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Profit from the Pros By Kevin Matras Executive Vice President
Stocks Soar On Strong Jobs Report, Dow And S&P Close Higher For The Week
All of the major indexes soared on Friday, with the Dow and the S&P both closing higher for the week.
A fantastic jobs report ignited the rally.
Friday's Employment Situation report came in way better than expected at 379,000 new jobs for February vs. expectations for 175,000. (That came out to 465K new private sector jobs vs. estimates for 183K, and -86K public sector jobs vs. estimates for -8K.) The unemployment rate ticked down to 6.2% vs. last month's 6.3% and the consensus for the same.
Leisure and Hospitality led the way with a gain of 355,000 new jobs. (About 80% of that came from 'Food Services and Drinking Places,' which is government speak for restaurants and bars.) Health Care and Social Assistance jobs increased by 46,000. Retail Trade added 41,000 jobs. And Manufacturing added 21,000 jobs.
The biggest declines in jobs came from Local Government Education which fell by -37,000 and State Government Education. And Construction jobs (largely non-residential, and heavy and civil engineering jobs). (The report also noted that the winter weather likely contributed to the decline in those construction jobs as well.)
We also saw revisions to December and January's numbers: while December was revised down by an additional -79K jobs (for a larger loss of -306K), January was revised up by 117K jobs (for a bigger gain of 166K).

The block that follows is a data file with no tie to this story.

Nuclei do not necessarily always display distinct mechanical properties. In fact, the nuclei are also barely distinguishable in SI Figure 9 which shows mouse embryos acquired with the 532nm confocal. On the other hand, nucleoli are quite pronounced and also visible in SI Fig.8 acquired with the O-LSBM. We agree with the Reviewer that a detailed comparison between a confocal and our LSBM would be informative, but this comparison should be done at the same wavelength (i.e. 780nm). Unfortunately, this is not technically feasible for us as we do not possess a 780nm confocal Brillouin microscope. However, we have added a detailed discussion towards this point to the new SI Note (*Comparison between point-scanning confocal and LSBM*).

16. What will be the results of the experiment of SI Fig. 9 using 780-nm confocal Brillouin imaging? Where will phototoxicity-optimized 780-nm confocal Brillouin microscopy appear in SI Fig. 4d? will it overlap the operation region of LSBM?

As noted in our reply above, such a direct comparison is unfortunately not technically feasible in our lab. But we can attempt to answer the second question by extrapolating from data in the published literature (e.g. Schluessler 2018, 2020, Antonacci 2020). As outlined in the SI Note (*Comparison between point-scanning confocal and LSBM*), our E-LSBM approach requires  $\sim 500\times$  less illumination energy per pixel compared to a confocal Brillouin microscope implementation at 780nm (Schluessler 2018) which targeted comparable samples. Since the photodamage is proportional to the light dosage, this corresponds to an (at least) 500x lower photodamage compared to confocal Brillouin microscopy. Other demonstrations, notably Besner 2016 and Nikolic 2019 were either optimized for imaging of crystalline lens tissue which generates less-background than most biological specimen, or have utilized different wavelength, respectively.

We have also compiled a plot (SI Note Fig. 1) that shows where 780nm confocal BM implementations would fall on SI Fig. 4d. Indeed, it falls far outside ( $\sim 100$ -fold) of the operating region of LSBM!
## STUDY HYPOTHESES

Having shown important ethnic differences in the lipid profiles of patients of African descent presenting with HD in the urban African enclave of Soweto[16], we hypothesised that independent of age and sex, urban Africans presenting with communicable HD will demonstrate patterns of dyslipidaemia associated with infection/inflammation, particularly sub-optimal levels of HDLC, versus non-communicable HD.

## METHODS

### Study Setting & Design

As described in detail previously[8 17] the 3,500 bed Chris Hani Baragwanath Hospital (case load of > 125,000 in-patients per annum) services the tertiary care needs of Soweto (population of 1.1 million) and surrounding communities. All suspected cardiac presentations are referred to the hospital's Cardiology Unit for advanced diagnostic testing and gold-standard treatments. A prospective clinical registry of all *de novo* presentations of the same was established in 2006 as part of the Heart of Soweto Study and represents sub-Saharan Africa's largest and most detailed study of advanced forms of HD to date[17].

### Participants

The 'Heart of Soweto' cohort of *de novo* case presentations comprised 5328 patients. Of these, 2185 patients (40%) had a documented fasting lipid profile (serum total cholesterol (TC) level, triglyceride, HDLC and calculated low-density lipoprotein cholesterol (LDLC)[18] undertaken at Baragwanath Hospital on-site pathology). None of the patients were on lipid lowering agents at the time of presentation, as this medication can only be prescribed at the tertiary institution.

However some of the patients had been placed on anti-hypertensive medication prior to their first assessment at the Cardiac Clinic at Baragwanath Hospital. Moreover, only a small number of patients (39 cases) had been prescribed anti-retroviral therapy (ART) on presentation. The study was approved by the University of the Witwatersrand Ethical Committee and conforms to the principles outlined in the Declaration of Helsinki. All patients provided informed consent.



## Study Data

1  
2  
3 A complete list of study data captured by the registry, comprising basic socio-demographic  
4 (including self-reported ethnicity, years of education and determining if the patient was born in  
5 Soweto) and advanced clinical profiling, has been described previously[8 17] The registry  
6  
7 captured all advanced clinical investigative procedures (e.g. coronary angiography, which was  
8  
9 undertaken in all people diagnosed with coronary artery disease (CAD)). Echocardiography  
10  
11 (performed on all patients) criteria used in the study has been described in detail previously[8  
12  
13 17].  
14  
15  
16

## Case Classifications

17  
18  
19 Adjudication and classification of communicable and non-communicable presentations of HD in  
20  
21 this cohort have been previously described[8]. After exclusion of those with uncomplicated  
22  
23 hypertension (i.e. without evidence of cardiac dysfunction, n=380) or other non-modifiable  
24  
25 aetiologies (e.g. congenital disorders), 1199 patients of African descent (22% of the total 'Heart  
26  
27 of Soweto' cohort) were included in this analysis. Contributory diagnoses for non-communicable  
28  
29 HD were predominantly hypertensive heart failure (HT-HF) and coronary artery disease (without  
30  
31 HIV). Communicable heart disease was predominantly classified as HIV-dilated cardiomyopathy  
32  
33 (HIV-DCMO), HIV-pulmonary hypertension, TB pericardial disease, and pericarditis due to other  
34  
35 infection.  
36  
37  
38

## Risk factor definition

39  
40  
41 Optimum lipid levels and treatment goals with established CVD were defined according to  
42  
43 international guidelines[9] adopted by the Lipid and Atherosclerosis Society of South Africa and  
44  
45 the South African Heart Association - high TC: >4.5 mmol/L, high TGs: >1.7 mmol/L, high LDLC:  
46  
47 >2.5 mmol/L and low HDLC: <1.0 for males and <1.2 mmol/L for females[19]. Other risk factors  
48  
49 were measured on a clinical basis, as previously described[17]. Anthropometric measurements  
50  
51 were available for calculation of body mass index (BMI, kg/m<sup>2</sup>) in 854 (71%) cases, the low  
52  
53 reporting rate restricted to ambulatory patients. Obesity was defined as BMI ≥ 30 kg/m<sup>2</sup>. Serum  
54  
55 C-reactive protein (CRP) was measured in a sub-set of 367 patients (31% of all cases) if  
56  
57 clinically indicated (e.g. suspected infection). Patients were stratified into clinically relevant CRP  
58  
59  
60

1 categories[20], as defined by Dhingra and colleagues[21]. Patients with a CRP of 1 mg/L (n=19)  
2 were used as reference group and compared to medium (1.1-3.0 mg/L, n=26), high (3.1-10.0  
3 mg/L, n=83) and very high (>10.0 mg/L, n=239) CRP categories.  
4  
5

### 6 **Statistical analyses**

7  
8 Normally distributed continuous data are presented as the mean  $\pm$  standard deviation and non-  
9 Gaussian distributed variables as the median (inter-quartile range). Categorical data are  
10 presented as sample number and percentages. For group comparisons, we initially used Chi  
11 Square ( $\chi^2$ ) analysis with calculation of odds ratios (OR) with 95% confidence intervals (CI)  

Earlier in the week, the market was pressured by inflation concerns. But I believe it was overblown and misguided. We all know there's likely to be higher inflation sometime in the future. But fears that the Fed would soon raise rates seemed misplaced given that Fed Chair Jerome Powell, just the week before, said there were no plans to raise rates in the foreseeable future. And while he acknowledged that he expects inflation to pick up in the coming months, he also expects the increase will be temporary.
In fact, he's on the record expressing more concern over the lack of inflation than inflation rising.
But if we do see an uptick in inflation, that should be viewed as a positive. Lindsey Bell, Chief Investment Strategist at Ally Invest, noted that "yields tend to rise early on in bull markets and in economic recoveries because the outlook is improving."
And the outlook sure does look like it's improving.
But eventually (maybe in a couple/few years?) when inflation is hot enough for the Fed to take action on rates, it will likely take years more to raise rates enough to slow down the economy and stop this bull market. (I mean, rates are essentially at zero right now.)
In the meantime, the economy looks like it's in store for more record growth with the Atlanta Fed estimating Q1 GDP to come in at 10.0%, and others forecasting full-year GDP to grow at the fastest pace in 38 years.
This is history in the making.
And historic times typically usher in historic prices moves.
So make sure you're taking full advantage of it.
See you tomorrow,
Executive Vice President, Zacks Investment Research
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